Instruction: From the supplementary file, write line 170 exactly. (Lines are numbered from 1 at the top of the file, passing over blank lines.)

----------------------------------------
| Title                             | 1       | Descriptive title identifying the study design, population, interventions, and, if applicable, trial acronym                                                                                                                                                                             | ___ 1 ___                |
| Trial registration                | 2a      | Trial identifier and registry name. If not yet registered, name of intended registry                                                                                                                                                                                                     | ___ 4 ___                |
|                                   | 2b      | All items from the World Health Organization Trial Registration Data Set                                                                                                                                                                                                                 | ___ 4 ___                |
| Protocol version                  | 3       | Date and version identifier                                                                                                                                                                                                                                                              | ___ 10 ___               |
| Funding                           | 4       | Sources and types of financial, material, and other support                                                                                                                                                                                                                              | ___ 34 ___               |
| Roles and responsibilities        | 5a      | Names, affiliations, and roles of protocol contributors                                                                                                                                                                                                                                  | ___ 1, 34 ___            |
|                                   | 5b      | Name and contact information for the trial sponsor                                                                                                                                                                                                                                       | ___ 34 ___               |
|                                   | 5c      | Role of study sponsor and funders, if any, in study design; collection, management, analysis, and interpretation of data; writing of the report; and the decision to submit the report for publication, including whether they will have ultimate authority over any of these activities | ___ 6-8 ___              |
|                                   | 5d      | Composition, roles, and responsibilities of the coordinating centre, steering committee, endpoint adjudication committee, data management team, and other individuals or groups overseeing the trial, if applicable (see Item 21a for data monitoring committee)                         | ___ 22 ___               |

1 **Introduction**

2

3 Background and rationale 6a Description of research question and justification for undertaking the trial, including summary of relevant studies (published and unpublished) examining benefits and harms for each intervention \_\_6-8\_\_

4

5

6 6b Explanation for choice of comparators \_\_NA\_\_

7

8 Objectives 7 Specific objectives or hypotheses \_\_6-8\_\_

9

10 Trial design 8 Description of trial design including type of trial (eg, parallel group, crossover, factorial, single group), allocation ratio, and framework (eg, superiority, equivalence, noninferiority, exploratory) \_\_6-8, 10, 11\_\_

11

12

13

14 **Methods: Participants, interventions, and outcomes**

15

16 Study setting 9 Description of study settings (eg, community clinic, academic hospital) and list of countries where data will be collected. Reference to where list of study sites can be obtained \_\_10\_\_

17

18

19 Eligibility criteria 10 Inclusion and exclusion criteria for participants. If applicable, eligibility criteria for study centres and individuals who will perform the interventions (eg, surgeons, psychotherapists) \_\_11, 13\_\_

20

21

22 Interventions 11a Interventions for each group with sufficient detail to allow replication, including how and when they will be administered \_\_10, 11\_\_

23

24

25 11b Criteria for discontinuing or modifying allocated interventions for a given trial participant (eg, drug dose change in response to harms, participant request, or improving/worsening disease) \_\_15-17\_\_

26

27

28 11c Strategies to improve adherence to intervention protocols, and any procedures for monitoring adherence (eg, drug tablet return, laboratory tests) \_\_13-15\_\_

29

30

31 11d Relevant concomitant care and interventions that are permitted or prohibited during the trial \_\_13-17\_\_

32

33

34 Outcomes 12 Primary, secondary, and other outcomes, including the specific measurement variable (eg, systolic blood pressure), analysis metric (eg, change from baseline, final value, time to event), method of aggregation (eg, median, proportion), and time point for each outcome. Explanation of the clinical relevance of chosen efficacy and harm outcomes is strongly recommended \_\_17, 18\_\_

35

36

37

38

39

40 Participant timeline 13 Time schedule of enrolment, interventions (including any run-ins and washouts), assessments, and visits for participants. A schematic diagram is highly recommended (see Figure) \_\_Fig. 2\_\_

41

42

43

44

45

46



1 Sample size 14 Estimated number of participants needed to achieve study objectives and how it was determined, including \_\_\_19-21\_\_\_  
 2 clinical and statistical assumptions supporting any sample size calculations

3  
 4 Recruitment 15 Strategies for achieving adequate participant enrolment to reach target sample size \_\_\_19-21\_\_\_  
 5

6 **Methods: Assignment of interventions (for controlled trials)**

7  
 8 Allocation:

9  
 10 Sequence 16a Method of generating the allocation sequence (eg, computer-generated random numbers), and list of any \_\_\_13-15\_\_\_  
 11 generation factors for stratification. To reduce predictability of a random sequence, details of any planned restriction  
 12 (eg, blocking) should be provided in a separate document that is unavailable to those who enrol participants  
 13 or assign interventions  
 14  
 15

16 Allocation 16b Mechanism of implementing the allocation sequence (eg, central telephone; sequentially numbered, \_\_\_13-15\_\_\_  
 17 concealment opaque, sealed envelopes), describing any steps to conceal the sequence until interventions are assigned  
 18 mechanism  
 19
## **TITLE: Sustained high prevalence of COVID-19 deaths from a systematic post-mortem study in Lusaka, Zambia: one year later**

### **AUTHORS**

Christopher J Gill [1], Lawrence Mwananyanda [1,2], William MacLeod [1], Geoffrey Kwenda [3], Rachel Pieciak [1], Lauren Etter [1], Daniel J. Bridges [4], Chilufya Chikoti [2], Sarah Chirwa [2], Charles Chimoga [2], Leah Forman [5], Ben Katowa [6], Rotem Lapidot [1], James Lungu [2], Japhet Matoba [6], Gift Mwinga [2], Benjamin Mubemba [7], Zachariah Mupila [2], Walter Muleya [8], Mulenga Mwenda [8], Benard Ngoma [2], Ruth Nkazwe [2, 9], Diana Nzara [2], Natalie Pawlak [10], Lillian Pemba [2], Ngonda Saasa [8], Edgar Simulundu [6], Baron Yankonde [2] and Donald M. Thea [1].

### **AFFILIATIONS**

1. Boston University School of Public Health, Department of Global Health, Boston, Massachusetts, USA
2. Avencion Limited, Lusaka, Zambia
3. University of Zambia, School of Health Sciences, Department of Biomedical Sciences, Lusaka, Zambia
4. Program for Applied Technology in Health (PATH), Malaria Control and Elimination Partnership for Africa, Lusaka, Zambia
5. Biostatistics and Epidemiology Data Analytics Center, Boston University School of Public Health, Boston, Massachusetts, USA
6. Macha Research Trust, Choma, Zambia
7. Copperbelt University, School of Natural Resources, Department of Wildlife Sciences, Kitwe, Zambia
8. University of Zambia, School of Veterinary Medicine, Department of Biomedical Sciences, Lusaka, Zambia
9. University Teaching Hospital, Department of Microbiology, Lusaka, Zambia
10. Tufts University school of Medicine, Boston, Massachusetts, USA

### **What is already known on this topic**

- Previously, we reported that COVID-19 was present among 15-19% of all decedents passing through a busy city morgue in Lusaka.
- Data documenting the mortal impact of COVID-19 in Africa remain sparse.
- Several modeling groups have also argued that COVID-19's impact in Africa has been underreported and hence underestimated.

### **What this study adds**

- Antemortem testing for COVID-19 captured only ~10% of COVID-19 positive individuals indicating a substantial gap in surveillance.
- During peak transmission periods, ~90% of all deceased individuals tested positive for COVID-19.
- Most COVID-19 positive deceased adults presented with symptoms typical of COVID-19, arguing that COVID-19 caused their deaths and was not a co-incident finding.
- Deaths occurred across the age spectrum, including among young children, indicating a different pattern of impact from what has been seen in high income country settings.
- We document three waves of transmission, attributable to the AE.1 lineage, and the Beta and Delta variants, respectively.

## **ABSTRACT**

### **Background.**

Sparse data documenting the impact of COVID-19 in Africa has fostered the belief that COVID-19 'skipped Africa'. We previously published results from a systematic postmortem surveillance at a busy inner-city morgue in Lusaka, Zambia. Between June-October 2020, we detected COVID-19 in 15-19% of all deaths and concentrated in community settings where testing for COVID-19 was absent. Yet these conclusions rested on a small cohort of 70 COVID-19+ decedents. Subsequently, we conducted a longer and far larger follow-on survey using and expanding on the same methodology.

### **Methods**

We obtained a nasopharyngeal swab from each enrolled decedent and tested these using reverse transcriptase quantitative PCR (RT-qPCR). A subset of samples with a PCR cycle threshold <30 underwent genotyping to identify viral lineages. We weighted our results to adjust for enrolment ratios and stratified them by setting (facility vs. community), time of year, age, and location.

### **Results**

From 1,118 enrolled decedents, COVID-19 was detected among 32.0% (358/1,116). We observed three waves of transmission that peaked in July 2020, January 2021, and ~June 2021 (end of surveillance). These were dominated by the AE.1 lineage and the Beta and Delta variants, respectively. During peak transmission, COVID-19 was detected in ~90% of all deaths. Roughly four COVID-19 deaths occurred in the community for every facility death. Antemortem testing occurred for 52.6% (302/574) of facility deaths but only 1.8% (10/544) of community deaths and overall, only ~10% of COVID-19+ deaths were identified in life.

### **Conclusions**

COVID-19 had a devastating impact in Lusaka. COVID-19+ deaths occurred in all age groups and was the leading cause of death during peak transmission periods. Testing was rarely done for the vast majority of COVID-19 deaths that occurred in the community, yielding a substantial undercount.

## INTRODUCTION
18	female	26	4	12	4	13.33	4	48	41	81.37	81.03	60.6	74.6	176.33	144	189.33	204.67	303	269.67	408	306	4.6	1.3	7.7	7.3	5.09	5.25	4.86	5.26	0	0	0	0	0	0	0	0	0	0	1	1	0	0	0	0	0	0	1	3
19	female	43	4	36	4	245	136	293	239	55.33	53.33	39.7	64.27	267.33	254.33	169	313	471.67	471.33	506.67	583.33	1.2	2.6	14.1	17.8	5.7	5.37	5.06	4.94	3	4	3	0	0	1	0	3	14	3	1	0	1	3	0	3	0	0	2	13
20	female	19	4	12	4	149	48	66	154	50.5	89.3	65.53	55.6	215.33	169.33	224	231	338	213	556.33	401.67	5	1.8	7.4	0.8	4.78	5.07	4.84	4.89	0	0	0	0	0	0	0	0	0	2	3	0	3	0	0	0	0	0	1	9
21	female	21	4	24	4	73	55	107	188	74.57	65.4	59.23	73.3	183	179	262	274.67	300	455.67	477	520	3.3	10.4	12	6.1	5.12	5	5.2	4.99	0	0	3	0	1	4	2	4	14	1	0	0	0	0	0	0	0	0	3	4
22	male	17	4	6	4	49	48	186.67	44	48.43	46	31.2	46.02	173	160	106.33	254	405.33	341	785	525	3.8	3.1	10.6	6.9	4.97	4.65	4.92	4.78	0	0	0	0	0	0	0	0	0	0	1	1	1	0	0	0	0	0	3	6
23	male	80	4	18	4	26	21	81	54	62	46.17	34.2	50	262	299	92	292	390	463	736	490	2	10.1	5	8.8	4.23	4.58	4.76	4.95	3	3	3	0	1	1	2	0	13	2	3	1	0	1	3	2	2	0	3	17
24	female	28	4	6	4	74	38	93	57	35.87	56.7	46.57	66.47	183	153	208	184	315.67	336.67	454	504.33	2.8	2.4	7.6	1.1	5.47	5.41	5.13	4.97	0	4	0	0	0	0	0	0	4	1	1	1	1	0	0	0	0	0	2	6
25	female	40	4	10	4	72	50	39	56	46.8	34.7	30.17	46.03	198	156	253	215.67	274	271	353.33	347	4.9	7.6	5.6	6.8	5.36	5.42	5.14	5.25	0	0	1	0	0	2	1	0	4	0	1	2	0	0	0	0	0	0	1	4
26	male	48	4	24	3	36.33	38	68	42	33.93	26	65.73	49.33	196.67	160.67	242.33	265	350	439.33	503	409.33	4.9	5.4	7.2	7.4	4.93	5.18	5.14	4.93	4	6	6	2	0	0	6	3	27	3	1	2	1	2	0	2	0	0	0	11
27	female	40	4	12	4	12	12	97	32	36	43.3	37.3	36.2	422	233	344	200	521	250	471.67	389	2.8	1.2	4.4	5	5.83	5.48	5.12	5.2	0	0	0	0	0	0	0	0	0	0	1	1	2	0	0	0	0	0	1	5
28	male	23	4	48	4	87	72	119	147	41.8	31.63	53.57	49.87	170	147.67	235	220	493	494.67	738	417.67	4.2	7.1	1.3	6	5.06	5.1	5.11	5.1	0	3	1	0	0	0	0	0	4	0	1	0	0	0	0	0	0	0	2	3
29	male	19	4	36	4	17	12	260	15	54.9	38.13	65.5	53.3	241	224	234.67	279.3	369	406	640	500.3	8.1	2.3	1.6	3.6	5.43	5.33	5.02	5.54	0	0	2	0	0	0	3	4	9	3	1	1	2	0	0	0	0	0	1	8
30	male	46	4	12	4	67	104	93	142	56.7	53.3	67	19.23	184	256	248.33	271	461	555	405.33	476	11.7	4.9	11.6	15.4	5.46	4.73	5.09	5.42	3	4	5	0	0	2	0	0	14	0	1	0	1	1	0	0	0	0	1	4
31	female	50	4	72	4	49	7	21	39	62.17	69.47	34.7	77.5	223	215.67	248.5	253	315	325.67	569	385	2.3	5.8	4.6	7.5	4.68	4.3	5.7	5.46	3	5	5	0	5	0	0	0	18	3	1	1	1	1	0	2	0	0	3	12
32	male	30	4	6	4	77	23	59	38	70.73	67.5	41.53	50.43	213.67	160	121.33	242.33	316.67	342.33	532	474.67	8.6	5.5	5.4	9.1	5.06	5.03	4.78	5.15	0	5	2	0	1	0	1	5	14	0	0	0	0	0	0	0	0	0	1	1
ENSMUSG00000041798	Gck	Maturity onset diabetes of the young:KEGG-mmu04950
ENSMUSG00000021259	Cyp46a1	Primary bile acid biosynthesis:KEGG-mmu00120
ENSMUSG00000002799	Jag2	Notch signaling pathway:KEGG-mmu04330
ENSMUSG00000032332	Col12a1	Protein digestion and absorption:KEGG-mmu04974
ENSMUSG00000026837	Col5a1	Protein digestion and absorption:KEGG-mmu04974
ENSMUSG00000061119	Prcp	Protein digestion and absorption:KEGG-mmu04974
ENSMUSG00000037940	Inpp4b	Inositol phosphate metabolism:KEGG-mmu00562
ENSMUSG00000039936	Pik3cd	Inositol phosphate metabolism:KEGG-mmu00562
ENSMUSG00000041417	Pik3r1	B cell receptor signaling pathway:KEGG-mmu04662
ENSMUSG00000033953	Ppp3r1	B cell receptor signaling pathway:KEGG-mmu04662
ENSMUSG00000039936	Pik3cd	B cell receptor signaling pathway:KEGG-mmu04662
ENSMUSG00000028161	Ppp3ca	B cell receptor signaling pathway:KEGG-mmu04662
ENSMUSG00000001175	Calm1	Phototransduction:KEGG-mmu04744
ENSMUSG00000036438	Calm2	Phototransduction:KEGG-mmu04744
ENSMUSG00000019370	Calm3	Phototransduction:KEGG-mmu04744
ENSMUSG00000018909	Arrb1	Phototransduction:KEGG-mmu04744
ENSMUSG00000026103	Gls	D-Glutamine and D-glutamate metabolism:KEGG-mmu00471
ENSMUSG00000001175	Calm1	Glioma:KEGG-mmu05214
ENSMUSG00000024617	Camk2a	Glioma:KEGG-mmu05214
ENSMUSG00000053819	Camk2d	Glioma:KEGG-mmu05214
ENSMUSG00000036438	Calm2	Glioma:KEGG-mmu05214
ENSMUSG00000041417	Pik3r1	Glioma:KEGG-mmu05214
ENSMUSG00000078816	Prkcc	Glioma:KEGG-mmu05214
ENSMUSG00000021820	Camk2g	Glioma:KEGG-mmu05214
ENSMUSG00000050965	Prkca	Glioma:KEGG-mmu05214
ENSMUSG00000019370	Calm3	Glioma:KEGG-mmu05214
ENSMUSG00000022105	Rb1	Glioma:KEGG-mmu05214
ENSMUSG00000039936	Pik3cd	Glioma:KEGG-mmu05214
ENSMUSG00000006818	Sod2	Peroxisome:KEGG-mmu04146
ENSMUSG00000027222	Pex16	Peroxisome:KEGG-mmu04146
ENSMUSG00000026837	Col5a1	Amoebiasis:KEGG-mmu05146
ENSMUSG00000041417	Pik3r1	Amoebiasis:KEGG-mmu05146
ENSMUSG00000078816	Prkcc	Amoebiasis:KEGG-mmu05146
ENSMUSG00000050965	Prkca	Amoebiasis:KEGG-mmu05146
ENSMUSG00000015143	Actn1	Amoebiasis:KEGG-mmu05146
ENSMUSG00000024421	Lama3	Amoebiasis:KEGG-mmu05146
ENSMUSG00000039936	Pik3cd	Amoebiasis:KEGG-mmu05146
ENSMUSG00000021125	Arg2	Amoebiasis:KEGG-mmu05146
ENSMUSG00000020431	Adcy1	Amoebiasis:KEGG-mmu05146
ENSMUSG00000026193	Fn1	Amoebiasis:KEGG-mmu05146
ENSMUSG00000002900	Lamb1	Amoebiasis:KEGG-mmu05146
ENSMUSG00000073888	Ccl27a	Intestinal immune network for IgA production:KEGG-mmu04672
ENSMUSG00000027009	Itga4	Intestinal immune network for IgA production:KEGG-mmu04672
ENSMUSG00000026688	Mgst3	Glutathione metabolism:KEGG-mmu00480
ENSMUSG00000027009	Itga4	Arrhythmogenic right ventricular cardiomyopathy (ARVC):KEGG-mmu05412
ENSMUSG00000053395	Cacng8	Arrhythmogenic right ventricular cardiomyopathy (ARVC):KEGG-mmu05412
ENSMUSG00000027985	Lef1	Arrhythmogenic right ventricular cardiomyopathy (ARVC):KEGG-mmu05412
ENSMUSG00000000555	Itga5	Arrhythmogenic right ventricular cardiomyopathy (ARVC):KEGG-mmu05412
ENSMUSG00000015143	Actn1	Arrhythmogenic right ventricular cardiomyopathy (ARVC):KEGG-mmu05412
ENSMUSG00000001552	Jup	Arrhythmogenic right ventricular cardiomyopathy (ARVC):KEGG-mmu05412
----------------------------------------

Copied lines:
ENSMUSG00000027985	Lef1	Arrhythmogenic right ventricular cardiomyopathy (ARVC):KEGG-mmu05412